I feel the Oracle beta program has had a significant positive impact on the Oracle 10g and 11g releases. By getting industry leaders from user groups such at the IOUG allows recognized industry leaders to have direct input and to provide feedback directly to Oracle product managers and developers. It has been wonderful to see how open Oracle has been to listening to the user groups and the incredible effort the Oracle product teams have put into the release. As Charles Phillips mentioned, Oracle Database 11g is the gold standard of Oracle releases and the Oracle beta program has been a large part of that success.

Be Careful of Old Sages
I understand the important need to be cautious about upgrading and to minmize risk and downtime. Everyone understands it is important to be careful about upgrading. You'll see an old sage say, well the new software release is interesting but I think I will wait for a later release. You'll then see a number of DBAs nod their heads in agreement. That's also like saying I am going to save my company money and reduce risk by continuing to run my company with old techniques that are out of date. Companies like this are running their databases more like the way they did 5 or 10 years ago with a sprinkling of new features being used. They are bragging about their up time yet not leveraging features that would help the organization and save it money. Safe is important but so is maximizing your ability to be competitive in the industry. The old saying, "if it isn't broke, dont' fix it" isn't always the best approach.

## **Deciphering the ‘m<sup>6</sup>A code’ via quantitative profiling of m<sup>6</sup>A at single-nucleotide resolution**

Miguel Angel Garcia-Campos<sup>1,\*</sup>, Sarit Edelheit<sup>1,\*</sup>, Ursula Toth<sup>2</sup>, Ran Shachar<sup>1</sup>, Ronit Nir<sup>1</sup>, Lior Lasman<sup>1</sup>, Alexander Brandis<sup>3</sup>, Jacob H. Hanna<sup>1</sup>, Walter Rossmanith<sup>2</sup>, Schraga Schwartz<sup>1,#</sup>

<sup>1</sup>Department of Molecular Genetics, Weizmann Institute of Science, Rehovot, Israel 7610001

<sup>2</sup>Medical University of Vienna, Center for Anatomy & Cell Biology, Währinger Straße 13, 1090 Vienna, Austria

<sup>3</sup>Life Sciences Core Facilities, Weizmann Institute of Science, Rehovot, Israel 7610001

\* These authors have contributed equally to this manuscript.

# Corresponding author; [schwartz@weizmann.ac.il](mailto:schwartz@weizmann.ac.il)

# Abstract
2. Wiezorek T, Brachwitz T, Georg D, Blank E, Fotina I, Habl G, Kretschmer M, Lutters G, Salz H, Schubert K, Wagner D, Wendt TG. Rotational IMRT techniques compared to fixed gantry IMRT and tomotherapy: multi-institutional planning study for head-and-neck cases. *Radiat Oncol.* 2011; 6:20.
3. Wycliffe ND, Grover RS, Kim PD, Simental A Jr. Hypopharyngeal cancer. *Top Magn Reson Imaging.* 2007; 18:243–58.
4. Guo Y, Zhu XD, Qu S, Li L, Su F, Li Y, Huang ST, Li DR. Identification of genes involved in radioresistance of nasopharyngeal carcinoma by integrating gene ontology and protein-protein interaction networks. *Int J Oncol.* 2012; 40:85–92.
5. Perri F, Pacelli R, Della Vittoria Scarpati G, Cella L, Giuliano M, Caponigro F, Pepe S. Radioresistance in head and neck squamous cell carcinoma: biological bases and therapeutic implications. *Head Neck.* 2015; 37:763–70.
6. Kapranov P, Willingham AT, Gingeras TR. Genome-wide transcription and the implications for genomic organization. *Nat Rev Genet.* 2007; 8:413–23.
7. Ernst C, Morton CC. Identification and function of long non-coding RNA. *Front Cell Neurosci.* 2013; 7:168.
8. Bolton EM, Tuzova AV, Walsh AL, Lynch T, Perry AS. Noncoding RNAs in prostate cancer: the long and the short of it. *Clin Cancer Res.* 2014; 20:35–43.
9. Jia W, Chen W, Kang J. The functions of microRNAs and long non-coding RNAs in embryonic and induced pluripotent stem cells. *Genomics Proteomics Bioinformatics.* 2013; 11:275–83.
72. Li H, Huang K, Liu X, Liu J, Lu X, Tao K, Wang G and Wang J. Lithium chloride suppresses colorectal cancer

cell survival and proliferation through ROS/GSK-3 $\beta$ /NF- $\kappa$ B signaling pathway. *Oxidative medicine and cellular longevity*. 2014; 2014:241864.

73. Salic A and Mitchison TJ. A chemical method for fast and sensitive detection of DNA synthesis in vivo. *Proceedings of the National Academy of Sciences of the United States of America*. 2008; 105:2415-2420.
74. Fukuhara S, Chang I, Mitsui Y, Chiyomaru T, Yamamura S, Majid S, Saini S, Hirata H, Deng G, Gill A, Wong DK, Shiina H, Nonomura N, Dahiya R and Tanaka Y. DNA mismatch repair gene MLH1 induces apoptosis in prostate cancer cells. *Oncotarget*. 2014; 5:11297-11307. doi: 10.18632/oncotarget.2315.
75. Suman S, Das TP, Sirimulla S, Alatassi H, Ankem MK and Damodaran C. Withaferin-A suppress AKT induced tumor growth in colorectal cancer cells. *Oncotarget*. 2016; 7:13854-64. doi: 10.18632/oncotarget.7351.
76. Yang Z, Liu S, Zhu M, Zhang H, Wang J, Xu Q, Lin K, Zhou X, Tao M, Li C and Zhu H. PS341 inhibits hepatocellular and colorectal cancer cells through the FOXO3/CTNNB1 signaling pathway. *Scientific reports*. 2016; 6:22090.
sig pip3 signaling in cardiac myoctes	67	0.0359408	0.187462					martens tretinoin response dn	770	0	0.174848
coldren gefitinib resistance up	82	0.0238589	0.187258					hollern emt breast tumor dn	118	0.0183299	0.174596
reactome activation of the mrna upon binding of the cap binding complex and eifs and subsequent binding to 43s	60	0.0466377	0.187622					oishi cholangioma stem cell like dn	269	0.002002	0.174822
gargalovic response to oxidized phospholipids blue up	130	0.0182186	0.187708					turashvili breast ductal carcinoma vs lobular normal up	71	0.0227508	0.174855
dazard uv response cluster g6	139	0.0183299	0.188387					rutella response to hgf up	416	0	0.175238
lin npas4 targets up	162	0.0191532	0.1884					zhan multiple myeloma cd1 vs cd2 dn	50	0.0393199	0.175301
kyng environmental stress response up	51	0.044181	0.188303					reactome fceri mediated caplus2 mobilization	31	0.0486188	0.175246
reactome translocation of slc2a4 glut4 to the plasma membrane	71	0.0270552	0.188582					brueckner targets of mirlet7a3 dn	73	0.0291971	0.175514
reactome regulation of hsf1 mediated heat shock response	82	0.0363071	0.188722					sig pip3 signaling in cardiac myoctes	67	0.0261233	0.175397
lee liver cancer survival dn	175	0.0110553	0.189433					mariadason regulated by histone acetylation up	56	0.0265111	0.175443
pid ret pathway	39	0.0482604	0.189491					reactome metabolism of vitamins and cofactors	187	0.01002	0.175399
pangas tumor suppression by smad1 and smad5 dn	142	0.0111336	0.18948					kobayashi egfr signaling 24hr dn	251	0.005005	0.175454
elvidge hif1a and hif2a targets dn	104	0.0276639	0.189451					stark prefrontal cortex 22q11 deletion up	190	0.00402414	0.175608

Technology needs to leverage what businesses are doing and to give business a competitive advantages. Companies need to look more carefully at the benefits of new features and how these features can benefit the business. I am not saying take your highest profile database and move it to Oracle Database 11g when it first comes out. What I am saying is that customers looking to migrate lower profile Oracle 9i databases should strongly consider migrating to Oracle Database 11g to leverage the benefits of the new features. If the new features of Oracle Database 11g are used out of the box, a company has the opportunity to significantly reduce their cost of ownership, increase availability, improve performance and manageability.

Benefits of Oracle Database 11g
Oracle Database 11g definitely hits the mark in:
  • Making the database and database applications run faster in key areas.
  • Improves important features related to Real Application Clusters, Data Guard and Oracle Streams.
  • Reduces cost of ownership with Change Assurance (Database Replay) and Lifecycle Management.
  • Greatly improves manageability and diagnosability.
A few features I really like that may not make a top ten list but I really liked include:
  • PL/SQL gets faster and easier to adminster with native compilation without the need for an external compiler.
  • Java in the database gets significantly faster.
  • PHP in the database who would have ever thought.
If you are an organization that needs to leverage technology to improve the business and make it more competitive then I highly recommend a detailed review of Oracle Database 11g features to see what benefits can help your business. You may decide not to move to Oracle Database 11g but to keep your organization as competitive as possible, a through analysis of Oracle Database 11g should be done.